Scuffy! His story is the perfect metaphor for the baby-boom generation itself, especially fitting for a book that appeared in 1946, the same year the very first baby boomers were beginning to appear on our planet. It is the story of a little toy tugboat who feels, deep in the core of his being, that he was created to act on a far bigger stage than the one on which he first finds himself, a mere toy on a shelf in a toy shop. Pfaugh! He was made for bigger things!

(Which might explain his vaguely pissed-off expression on the book cover.) 

Scuffy is taken home by the mustachioed Man with the Polka Dot Tie. (The book’s illustrator, one Tibor Gergely, was Hungarian, possibly accounting for the Man’s vaguely European looks.) But being used as a Bathtub Plaything by the Man’s young son is not on the Scuffster’s personal agenda. He is frustrated and irate, or as Gertrude Crampton, the book’s author, puts it, he is cross.

His real adventures begin when he is removed from the small, safe confines of the bathroom and set loose to float in a brook by the Man and his son. “Sail, little tugboat,” says the Man, and sail he does. The rapidly moving waters of the brook carry him away, and as the little boy cries out, “Come back, little tugboat, come back,” Scuffy issues what we can only presume to be a sneering, cocky riposte: “Not I. Not I. This is the life for me.”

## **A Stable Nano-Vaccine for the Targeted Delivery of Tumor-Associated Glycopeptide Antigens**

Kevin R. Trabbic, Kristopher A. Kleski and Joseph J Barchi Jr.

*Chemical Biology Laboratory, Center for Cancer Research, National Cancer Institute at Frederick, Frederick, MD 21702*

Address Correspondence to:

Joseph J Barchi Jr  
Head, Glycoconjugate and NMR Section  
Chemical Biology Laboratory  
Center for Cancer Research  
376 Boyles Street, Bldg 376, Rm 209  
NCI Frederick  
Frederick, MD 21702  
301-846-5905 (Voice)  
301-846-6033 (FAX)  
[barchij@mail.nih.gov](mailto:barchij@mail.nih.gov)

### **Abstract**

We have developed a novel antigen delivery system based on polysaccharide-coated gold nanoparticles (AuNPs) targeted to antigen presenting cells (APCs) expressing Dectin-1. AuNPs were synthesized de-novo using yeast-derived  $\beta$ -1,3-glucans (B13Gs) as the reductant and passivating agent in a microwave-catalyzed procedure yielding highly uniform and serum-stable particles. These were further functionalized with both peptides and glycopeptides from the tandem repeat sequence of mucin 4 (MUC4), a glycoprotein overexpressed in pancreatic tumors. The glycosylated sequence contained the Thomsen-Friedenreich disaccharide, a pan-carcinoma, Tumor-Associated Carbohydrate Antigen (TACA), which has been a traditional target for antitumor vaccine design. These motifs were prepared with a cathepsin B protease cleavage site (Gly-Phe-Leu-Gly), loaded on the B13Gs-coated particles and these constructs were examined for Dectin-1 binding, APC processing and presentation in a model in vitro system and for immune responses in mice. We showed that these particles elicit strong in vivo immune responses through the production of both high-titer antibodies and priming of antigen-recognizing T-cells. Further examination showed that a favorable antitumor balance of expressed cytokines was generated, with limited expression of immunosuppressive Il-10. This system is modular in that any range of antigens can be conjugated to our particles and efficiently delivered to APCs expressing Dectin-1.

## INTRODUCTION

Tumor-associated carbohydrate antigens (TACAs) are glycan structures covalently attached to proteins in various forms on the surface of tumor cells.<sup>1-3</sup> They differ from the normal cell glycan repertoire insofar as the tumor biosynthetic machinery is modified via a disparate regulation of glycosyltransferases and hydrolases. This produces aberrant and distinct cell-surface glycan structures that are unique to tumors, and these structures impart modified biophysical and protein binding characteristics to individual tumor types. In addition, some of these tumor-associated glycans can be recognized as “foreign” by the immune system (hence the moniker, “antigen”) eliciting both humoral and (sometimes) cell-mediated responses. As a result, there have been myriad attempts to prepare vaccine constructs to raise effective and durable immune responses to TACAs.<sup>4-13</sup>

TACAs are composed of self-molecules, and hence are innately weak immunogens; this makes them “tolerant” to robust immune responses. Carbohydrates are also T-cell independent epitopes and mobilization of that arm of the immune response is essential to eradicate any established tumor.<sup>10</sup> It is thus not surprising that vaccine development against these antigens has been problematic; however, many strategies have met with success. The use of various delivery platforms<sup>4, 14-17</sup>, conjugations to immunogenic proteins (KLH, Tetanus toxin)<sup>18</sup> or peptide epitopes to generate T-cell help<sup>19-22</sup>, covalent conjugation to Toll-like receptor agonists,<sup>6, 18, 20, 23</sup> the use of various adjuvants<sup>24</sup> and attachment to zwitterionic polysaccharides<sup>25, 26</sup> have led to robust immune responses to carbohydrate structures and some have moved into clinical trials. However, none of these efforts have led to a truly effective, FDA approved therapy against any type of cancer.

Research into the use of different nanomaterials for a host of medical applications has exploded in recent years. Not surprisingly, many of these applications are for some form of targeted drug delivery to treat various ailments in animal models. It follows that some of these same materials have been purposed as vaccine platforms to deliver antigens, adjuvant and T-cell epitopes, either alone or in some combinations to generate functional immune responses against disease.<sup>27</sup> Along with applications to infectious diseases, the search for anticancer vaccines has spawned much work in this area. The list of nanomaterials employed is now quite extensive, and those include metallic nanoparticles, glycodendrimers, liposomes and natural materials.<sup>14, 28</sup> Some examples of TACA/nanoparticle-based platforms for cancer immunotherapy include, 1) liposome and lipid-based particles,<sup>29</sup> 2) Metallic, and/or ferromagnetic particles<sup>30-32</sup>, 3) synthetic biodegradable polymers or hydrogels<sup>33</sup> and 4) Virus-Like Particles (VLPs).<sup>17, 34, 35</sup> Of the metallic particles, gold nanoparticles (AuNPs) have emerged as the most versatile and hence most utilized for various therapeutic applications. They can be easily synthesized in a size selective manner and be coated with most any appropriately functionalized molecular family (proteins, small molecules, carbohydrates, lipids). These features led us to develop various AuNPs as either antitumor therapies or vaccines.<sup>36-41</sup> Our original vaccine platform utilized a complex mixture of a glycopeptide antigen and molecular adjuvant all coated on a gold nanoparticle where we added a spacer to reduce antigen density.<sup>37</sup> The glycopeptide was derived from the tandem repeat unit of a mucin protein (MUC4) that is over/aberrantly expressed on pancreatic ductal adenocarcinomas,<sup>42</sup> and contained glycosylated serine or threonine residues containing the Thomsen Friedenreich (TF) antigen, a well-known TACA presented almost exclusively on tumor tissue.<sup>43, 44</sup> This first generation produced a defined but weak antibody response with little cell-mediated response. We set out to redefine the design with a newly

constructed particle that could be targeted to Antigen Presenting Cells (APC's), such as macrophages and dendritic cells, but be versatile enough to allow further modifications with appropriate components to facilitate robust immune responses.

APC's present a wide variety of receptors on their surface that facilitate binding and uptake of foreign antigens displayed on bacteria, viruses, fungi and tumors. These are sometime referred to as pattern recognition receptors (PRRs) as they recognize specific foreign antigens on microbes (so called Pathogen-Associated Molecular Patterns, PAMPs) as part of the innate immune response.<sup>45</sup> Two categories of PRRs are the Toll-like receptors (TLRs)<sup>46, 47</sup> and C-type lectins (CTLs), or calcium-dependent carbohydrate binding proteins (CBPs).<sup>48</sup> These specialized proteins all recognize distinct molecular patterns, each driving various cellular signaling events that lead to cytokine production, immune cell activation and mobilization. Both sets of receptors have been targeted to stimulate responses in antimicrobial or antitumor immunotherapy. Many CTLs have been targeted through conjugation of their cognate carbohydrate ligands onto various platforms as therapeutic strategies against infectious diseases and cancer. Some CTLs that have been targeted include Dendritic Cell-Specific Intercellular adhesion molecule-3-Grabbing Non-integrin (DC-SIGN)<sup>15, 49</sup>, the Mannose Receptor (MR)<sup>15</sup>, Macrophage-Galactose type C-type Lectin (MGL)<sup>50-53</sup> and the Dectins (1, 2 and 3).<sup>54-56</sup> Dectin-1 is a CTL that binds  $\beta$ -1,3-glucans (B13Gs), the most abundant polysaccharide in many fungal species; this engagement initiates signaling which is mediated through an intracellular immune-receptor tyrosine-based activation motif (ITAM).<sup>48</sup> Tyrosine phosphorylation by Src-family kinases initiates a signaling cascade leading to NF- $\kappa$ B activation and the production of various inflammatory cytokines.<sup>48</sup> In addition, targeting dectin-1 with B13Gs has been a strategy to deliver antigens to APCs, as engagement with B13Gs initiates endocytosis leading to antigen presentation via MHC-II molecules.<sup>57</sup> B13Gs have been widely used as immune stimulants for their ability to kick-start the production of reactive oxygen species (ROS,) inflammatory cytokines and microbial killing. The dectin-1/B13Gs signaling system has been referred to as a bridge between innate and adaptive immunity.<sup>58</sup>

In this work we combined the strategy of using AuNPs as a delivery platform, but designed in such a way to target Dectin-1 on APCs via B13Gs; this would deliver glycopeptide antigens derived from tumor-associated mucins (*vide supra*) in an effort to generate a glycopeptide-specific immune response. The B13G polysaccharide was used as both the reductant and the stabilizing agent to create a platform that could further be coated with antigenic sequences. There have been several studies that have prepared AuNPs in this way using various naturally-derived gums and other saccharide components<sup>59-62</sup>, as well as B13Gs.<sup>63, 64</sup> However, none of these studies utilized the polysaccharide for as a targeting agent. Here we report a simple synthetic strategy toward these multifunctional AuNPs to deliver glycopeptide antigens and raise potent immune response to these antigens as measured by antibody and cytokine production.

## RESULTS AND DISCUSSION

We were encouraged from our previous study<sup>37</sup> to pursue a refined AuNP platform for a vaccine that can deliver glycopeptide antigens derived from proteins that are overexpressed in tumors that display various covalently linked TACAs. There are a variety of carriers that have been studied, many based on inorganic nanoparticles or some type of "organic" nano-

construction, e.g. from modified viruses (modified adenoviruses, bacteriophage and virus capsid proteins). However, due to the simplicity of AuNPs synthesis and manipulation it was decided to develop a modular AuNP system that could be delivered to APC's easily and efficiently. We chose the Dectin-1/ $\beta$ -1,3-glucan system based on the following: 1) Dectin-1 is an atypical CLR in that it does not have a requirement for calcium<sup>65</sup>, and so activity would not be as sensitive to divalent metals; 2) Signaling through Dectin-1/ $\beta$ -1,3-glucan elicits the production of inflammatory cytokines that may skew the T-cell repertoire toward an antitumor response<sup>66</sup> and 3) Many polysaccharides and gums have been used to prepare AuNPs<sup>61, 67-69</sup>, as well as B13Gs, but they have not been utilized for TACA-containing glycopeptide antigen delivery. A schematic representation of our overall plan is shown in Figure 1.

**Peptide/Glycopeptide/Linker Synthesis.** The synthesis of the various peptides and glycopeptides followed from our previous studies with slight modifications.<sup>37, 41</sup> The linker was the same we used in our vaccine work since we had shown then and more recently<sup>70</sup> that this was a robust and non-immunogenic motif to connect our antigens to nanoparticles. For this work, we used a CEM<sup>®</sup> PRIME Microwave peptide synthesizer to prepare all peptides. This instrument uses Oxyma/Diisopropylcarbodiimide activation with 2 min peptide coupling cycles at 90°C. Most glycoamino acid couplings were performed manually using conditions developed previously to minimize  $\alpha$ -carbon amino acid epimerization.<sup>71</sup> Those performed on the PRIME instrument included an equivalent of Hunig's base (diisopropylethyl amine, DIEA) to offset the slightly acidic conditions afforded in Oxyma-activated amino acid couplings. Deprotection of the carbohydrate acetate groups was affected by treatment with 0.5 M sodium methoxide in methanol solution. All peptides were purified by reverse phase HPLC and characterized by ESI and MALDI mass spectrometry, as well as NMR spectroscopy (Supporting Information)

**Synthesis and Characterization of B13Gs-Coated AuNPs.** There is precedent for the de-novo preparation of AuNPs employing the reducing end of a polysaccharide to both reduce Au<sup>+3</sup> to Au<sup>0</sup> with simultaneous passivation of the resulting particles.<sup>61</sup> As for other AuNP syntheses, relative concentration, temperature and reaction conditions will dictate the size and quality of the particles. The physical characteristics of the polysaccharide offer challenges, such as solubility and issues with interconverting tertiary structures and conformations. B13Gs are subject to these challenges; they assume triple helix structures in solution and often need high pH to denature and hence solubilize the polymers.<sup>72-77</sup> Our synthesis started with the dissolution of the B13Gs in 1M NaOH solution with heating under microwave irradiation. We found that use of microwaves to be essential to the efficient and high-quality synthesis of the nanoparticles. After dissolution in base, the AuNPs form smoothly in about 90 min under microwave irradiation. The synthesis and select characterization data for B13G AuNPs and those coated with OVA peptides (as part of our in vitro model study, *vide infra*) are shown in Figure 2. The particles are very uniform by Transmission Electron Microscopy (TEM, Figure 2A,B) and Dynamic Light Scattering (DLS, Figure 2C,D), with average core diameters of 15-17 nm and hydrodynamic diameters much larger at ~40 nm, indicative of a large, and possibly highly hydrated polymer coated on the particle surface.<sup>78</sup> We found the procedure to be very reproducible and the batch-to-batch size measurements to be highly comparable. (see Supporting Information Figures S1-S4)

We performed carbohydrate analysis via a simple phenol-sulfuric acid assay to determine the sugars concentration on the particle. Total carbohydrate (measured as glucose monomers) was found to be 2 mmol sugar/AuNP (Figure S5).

The little brook soon becomes a stream, which soon becomes a river. Scuffy sails on, taking in the sights as the river grows ever wider, taking him away from bucolic scenes of milkmaids and cows and past larger and larger human habitations. Villages give way to towns, towns give way to cities, and the river just keeps on flowing.

Finally Scuffy has had enough, his mind stretched to the breaking point by the sheer magnitude of the world around him. No longer the proverbial big tugboat in a little pond, he is now a microscopic piece of flotsam in a huge harbor. He has seen floods, destruction, death. He has seen vast ocean liners compared to which he is not even a boil on a barnacle’s ass. And now, as he sees nought ahead of him but the immensity of the endless ocean, he realizes that he is well and truly fucked. “This is no place for me,” he ruefully admits...

...just as the Man with the Polka Dot Tie reaches down from the farthest end of the pier and rescues Scuffy. The little tugboat, having now been taught the quintessential lesson of post-World War II America - a place for everyone and everyone in his place - is now happy to live a greatly diminished existence: to be a Bathtub Plaything.